The 4 Dartmoor Forests in question were planted up (largely) in the 19th and early 20th centuries and managed by the FC (it is a complicated story which I have simplified here – see Quartz and Feldspar pp244-265 in the paperback edition for the full details). As well as being productive forests they have also become important places for wildlife in their own right harbouring a number of rare species such as goshawk, hobby, nightjar and for a short period of time Britain’s only breeding location for the red-backed shrike.

The FC acknowledges (and is indeed proud) of this wildlife asset and the plan addresses it. The Plan also takes steps to undo some of the brutalism of their earlier plantings where conifers were grown on top of Scheduled Ancient Monuments (SAMs). Once the trees have been felled the SAMs will be left open and managed for their archaeology. This is a step forward but isolated SAMs within a forest environment is not the same as an open historic landscape from whence they came.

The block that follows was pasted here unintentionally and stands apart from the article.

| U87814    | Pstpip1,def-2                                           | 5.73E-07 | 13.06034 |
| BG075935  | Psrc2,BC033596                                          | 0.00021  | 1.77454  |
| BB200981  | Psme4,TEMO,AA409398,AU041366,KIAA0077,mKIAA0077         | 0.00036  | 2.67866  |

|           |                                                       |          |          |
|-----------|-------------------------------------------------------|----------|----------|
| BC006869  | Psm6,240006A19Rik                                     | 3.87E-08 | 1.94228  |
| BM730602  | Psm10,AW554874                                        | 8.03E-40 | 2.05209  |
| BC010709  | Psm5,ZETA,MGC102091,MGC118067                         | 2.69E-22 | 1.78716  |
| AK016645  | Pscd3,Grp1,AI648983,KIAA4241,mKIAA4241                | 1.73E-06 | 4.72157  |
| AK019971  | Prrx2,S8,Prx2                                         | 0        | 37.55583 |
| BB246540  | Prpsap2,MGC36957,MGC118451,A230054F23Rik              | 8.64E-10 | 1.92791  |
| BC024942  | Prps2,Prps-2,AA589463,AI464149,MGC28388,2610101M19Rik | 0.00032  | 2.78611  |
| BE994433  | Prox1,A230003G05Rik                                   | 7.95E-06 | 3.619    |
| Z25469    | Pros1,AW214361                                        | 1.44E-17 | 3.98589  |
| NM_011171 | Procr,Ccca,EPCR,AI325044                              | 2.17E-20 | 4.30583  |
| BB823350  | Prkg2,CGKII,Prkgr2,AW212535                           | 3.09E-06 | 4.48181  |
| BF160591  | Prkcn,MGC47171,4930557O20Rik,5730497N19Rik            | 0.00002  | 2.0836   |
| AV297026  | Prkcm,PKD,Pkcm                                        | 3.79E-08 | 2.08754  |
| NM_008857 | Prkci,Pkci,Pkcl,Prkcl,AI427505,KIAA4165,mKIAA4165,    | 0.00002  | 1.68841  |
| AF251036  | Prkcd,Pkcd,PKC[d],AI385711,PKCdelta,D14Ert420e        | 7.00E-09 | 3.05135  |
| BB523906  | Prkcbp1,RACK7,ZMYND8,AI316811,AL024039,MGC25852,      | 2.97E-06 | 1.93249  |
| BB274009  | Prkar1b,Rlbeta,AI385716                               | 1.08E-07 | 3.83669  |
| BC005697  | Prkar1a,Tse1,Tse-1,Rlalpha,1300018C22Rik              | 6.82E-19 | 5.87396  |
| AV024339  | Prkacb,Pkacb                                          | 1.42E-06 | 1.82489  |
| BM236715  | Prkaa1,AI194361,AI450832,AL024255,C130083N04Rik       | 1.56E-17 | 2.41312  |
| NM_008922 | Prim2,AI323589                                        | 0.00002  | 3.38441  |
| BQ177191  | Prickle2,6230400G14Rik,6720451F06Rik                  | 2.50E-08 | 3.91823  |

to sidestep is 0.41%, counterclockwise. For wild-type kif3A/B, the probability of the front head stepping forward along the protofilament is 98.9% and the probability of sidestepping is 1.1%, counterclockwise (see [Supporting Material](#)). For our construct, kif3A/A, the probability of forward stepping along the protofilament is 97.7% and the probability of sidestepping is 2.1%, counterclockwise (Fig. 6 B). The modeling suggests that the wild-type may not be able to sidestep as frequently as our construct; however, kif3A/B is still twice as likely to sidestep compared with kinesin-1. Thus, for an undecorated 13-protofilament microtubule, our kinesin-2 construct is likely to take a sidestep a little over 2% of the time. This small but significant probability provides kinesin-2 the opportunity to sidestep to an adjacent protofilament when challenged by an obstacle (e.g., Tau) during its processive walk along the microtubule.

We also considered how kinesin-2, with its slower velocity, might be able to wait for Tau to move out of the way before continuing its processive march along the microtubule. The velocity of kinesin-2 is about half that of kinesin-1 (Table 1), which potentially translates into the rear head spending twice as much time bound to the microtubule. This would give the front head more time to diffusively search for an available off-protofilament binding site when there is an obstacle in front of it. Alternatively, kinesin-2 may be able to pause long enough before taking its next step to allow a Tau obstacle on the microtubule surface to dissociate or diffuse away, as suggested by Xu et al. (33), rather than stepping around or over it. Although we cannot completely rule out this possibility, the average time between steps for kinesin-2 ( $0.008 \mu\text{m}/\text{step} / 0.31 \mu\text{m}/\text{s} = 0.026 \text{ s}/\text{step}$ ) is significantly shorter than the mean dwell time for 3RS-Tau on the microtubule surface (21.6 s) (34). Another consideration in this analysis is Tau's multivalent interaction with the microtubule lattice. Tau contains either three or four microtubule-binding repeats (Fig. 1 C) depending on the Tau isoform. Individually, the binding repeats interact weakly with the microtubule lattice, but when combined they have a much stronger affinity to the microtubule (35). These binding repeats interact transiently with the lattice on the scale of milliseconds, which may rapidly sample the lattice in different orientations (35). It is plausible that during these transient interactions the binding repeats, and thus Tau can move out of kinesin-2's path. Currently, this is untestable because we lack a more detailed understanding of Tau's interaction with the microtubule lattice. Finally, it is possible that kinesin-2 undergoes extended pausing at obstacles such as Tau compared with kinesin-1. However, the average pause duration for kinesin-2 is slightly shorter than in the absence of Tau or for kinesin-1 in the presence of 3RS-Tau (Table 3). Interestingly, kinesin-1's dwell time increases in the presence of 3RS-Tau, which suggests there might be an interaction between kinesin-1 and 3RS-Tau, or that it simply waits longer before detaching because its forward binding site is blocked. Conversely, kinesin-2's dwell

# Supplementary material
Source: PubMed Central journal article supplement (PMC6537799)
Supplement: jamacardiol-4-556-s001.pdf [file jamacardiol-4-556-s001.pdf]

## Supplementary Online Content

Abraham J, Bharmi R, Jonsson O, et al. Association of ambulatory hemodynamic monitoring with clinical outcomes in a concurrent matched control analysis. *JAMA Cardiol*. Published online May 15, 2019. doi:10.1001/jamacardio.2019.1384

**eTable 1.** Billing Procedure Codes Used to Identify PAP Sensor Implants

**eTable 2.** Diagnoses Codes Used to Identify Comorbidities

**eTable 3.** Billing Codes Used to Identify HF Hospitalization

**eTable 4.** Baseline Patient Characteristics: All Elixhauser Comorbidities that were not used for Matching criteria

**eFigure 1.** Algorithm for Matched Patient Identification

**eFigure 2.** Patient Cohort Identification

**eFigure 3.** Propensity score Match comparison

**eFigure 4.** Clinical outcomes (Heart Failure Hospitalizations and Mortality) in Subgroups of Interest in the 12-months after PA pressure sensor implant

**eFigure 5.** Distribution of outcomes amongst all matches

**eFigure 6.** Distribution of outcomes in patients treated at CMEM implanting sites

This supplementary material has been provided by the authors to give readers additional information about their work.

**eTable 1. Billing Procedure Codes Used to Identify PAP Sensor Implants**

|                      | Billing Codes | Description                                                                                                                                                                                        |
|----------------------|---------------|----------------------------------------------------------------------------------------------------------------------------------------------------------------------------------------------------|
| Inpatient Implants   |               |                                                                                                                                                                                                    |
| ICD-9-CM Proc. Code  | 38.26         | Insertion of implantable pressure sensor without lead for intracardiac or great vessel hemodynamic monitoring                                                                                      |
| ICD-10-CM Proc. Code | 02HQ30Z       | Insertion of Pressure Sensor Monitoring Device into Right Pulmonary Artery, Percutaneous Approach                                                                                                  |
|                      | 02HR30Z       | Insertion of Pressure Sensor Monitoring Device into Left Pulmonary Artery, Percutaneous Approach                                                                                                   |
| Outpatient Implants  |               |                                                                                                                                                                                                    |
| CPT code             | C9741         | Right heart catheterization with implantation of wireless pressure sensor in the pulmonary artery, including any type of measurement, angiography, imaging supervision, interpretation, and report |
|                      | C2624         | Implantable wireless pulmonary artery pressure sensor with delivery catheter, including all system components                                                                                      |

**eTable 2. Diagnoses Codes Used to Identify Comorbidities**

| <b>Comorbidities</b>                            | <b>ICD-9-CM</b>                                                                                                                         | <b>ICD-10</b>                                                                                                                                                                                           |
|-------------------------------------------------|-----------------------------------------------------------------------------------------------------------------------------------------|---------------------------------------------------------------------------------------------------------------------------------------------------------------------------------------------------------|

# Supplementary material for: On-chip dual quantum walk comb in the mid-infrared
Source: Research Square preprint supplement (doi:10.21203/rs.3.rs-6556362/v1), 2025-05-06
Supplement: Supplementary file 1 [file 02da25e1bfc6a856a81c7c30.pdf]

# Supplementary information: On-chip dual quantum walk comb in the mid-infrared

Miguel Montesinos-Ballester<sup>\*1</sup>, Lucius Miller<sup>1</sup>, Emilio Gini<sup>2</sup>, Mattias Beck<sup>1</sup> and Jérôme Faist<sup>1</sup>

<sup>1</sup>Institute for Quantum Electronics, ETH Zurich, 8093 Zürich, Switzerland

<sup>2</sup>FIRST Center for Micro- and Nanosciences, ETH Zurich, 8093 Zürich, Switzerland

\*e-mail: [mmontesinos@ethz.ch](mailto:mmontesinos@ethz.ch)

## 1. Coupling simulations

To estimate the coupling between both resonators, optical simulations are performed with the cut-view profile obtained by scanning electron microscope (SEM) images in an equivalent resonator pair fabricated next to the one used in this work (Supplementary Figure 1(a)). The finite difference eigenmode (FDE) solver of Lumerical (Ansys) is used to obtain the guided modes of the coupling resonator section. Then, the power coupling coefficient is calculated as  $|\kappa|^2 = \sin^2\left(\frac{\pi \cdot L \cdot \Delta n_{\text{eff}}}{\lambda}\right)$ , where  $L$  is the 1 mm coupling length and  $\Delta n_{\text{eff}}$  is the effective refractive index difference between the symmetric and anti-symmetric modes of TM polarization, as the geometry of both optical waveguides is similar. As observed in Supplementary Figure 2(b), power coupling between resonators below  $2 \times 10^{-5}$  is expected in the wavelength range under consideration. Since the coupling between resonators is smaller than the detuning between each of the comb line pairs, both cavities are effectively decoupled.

Sousson's Stone Circle
A stone circle adjacent to Soussans Forest.

The Plan also acknowledges the impact that forestry has on water quality. Conifers acidify the soil and therefore the water and when fellings occur sediment / soil ends up in the water courses and ultimately in the rivers. Acidified waters with a peaty sediment load are not good for river wildlife such as salmon, dippers and grey wagtails along with their invertebrate prey.

These issues are potentially significant at Fernworthy with its adjacent reservoir which many of us rely on for our own drinking water. There are lengthy comments from the Environment Agency and the Devon Wildlife Trust on this topic (in appendix 4) which the FC have taken on board in addition to their own initial mitigation plan.

The other comments from the conservation bodies (RSPB, DWT and DNPA) largely consist of advice around how the existing Forest based wildlife can be enhanced along with a few words urging a higher proportion of broadleaved plantings.

Interestingly the comments don’t include anything about the potential species the FC are proposing to plant. The FC have invested a lot of time and money into producing a database which enables foresters to select suitable species to plant against the backdrop of a changing climate – see here. You simply type in a number of site variables and the database provides you with a long list of suitable exotic trees to plant to make the forest / woodland more resilient to climate change.